I also realize that we had a nice cool, wet spring (but not to the extent that it caused flood damage around here). When the sun finally came out sometime in June, I was okay with it. But now it’s almost October.
I heard a lot of bellyaching about what was perceived to be the late coming of summer. Looking back at the weather records kept by the City of Clatskanie public works crew, June had only 1.28 inches of rainfall, less than average, but it was slightly cooler than normal. July had 1.64 inches of rain, more than usual, but it was mainly concentrated during one week in mid-July, Twenty days in July had no rain at all, and all but five had less than one-tenth of an inch. July also was slightly cooler than average.
The sun lovers got happier in August when there was no rain at all on 28 out of the 31 days, only trace amounts on Aug. 6 and 30, and .05 of an inch on Aug. 31. The mean temperature for the month was almost dead-on-average.
We haven’t got the September weather records yet, but the hottest days of summer came early in the month, and the light rain we’ve had as of this writing has been just enough to ease the forest fire danger.
Monday, with its sprinkles and blustery winds, brought the first real breath of autumn. Temperatures are predicted to be in the 60s and 70s for the next week – partly cloudy, and a chance of rain on one or two days.
We’ve now had over three months of summer weather. Total rainfall for the season was right around average. Northwest Oregon gets three months of summer – that’s it. Now it’s my turn.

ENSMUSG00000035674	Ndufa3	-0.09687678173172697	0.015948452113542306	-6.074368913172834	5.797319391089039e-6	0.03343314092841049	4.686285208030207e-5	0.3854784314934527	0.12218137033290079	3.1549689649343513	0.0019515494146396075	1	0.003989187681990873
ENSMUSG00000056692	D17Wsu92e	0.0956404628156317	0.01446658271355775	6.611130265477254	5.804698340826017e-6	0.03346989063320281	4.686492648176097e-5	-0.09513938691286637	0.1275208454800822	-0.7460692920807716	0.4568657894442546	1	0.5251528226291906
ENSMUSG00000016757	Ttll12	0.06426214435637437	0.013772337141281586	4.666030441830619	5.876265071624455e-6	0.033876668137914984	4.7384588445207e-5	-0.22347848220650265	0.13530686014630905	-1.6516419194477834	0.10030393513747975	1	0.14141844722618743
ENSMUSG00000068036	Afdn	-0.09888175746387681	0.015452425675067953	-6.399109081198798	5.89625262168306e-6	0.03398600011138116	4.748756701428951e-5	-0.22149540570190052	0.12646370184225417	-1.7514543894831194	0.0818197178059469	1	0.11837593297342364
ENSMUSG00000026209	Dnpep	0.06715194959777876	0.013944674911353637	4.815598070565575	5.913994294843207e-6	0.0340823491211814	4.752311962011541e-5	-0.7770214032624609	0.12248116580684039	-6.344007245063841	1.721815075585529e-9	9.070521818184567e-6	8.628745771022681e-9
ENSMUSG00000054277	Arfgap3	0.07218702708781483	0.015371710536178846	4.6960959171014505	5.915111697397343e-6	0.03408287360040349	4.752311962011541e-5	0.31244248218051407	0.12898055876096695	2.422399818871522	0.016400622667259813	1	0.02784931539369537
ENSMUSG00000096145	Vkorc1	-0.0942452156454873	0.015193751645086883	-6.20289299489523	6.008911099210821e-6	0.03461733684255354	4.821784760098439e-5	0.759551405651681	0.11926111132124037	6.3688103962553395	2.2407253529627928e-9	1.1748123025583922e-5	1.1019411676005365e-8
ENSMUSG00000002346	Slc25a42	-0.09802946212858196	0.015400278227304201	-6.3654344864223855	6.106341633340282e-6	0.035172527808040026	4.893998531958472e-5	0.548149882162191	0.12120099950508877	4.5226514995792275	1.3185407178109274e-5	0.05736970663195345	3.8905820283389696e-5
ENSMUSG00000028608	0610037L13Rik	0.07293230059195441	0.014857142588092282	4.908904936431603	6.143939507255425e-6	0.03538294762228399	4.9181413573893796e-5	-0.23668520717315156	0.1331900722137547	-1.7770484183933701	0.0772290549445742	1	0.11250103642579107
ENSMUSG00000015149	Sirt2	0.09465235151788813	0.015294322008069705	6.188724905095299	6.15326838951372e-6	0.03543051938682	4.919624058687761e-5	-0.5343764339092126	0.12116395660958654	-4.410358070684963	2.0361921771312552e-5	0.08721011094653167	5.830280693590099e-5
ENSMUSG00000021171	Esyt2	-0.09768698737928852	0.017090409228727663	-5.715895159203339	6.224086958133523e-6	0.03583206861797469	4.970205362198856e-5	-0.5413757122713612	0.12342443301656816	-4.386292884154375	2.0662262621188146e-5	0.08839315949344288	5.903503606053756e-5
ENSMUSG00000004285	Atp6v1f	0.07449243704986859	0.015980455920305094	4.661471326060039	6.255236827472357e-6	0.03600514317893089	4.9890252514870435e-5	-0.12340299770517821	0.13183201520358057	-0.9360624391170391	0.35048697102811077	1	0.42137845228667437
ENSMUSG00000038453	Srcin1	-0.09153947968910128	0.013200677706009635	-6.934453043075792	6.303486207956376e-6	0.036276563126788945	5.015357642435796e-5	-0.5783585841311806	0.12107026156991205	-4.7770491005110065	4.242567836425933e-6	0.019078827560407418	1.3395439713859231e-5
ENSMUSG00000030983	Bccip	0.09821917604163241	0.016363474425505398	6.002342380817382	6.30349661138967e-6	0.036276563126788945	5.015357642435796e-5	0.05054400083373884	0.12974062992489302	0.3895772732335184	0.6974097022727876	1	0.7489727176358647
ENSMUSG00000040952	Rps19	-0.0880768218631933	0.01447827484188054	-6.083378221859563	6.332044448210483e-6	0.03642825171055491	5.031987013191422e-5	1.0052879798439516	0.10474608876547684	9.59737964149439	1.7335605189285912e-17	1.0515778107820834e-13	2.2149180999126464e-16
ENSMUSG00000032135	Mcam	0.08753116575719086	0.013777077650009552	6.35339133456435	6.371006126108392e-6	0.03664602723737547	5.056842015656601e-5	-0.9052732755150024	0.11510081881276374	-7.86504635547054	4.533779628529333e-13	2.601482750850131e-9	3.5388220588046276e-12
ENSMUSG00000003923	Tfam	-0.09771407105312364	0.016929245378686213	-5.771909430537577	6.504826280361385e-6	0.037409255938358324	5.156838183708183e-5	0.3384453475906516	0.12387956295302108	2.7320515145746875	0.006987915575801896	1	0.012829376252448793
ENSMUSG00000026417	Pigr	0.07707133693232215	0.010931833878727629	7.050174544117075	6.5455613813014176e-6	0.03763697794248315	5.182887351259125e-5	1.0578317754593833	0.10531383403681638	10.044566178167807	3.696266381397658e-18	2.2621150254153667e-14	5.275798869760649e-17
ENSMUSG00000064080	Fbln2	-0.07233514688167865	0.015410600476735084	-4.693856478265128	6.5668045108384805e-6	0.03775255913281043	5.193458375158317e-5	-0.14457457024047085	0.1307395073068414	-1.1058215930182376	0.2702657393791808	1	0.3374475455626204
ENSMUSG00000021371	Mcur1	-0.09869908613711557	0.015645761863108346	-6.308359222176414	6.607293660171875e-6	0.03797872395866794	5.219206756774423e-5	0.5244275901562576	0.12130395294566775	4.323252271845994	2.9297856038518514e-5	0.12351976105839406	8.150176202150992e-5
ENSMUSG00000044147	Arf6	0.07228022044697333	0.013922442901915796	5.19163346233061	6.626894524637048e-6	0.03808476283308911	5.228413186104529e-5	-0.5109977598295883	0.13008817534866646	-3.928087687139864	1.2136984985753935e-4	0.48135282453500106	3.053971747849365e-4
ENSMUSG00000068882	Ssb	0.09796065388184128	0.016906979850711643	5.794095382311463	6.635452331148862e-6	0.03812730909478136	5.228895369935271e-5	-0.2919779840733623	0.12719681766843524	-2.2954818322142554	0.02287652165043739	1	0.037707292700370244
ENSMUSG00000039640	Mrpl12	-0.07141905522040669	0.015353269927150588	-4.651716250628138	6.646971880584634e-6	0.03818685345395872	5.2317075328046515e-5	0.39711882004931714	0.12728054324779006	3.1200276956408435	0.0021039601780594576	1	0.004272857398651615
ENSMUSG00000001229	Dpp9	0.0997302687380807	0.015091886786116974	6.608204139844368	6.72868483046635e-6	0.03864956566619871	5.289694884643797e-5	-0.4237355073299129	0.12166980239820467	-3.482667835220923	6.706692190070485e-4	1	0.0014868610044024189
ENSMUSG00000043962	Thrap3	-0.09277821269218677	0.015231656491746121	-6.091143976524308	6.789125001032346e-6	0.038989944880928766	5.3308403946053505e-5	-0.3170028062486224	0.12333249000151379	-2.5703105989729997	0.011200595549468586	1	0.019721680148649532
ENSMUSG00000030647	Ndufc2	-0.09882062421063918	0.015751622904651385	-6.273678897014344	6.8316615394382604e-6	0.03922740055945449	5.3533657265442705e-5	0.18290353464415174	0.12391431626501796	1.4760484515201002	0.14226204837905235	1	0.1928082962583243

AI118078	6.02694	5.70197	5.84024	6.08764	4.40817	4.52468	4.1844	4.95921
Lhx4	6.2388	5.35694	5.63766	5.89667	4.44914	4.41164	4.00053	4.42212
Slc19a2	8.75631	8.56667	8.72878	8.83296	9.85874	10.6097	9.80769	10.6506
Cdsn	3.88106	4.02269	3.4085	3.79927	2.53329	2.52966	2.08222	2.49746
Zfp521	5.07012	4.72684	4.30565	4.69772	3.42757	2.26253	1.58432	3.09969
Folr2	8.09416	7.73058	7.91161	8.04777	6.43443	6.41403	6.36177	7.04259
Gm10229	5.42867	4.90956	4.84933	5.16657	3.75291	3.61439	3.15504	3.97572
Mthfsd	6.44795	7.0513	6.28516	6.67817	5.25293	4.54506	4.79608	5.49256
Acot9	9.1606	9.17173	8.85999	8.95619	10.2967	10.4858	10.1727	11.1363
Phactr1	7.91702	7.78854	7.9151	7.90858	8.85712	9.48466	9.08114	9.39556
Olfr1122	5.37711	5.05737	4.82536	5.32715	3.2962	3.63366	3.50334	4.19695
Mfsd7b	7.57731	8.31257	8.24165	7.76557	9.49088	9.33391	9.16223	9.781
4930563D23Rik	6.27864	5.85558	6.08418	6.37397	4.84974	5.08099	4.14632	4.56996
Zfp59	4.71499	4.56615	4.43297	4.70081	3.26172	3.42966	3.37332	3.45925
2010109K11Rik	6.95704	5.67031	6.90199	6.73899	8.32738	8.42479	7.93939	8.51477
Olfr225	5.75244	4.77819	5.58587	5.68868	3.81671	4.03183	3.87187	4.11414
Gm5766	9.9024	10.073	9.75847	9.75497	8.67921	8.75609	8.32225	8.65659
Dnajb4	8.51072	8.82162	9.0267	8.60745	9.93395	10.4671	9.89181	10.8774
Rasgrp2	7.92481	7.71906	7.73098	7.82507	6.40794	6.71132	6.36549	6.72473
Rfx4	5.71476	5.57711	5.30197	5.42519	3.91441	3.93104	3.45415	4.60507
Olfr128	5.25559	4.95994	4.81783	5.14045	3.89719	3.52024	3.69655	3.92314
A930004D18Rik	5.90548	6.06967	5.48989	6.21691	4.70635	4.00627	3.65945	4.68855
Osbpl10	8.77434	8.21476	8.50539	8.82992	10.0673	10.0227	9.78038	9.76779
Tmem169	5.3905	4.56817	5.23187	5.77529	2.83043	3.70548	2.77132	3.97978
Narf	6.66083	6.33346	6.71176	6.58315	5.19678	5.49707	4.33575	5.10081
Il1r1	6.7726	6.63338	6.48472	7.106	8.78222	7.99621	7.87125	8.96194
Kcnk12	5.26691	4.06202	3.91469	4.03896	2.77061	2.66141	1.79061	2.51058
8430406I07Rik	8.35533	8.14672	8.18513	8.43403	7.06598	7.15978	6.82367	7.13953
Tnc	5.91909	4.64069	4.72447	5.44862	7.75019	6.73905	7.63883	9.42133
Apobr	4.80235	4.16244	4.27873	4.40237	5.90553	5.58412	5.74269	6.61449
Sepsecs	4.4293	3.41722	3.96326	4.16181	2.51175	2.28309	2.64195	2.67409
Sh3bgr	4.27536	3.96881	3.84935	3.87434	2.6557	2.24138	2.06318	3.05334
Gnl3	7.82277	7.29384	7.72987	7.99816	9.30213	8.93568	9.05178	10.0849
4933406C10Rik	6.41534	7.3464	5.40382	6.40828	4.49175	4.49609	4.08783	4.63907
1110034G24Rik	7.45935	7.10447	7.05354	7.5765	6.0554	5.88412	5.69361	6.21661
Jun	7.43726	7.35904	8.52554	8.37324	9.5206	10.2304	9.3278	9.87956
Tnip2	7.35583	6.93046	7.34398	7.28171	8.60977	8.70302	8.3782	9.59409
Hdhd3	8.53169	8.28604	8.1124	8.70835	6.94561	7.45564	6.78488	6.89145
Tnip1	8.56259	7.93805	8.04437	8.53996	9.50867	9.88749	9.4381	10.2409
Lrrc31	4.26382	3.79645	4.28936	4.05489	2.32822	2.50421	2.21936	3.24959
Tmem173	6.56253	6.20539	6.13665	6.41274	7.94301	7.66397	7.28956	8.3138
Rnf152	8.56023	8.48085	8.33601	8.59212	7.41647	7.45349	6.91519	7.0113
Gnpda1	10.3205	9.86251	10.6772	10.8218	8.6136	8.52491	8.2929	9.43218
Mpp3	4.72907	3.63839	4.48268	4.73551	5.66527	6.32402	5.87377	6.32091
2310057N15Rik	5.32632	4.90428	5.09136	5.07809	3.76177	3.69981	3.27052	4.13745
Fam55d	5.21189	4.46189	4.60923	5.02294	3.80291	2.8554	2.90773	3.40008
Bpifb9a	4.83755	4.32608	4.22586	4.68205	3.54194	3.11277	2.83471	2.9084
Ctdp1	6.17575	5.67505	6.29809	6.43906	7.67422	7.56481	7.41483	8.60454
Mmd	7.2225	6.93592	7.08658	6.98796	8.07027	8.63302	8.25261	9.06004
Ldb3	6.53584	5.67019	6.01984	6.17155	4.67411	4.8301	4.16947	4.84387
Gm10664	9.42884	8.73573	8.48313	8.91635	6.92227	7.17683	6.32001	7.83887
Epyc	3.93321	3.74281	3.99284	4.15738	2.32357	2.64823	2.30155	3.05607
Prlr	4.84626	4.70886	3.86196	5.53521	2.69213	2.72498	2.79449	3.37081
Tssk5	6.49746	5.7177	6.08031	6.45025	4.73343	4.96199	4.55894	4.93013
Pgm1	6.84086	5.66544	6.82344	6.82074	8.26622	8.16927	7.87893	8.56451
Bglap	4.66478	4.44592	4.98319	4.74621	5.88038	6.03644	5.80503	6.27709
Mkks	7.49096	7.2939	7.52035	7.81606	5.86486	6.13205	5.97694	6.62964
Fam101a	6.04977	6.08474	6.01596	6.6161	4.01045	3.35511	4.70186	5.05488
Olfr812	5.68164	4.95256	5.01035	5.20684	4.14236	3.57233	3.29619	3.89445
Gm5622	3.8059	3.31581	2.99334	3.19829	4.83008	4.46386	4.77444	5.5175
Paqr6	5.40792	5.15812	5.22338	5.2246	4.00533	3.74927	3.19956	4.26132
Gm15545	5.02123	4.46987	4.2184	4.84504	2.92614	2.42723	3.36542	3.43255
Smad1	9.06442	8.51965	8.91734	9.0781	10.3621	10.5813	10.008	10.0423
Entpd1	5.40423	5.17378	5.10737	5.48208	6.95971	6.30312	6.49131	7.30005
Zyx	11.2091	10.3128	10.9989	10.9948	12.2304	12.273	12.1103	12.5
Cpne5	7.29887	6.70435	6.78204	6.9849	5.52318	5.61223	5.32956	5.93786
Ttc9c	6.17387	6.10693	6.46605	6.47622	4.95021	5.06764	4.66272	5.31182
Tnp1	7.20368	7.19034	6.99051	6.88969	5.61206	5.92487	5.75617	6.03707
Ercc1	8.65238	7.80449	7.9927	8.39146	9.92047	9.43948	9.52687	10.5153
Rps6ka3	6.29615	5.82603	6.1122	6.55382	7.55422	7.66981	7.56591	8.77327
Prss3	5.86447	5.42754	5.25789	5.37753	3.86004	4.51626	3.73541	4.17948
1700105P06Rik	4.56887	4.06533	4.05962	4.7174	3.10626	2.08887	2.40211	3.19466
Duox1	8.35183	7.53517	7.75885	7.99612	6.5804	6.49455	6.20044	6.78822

Rain in My Veins
I think my preference for cool, cloudy weather is in-born. I was conceived during the record snowfall of January 1950, and born (three weeks late, according to my mother) on Nov. 13, two days before the wettest day on record for November.
Throughout my life, my birthdays have been almost always rainy – often stormy, occasionally there have been real gales. A few years ago it was sunny on my birthday – it just didn’t seem right.
I know some of you are sorry to see the passing of a summer you thought was too short, but try to be positive.
Halloween is just a month away, and after that Thanksgiving, then Christmas, New Year’s and Valentine’s Day. Fall and winter are so much fun!
And, I’ve never had my fill of snow. The only time I was truly snow-satisfied was the school year of 1968-69 when I went to college in upstate New York. We had snow on the ground from Thanksgiving until spring vacation. It was great!
All of the rest of my years have been spent in Northwest Oregon, except for six in Madras. It was cold enough to snow in Madras, but too darned dry for any impressive accumulation.
Yes, we’ve had some decent snowfalls during my lifetime in Clatskanie, but there were many more winters of unsuccessful wishing.
So, as I say happily goodbye to the summer of 2011, here are my wishes for the winter to come.
Enough rain to keep the hydroelectric generators working at full capacity, and the power rates low, but not enough to cause mudslides or flooding.
A nice snowfall of six to eight inches on the valley floor – preferably between Christmas and the New Year – followed by a moderately cold snap – cold enough to keep the snow fresh and pretty, but not so cold that the water pipes break. Then a very gradual melt with no “Pineapple Express” rainstorms.
We’ll see if my wishes come true.
In the meantime, whether you’re a sun lover or a cool/cloudy person, we hope your fall and winter will be warm with the fellowship of family and friends.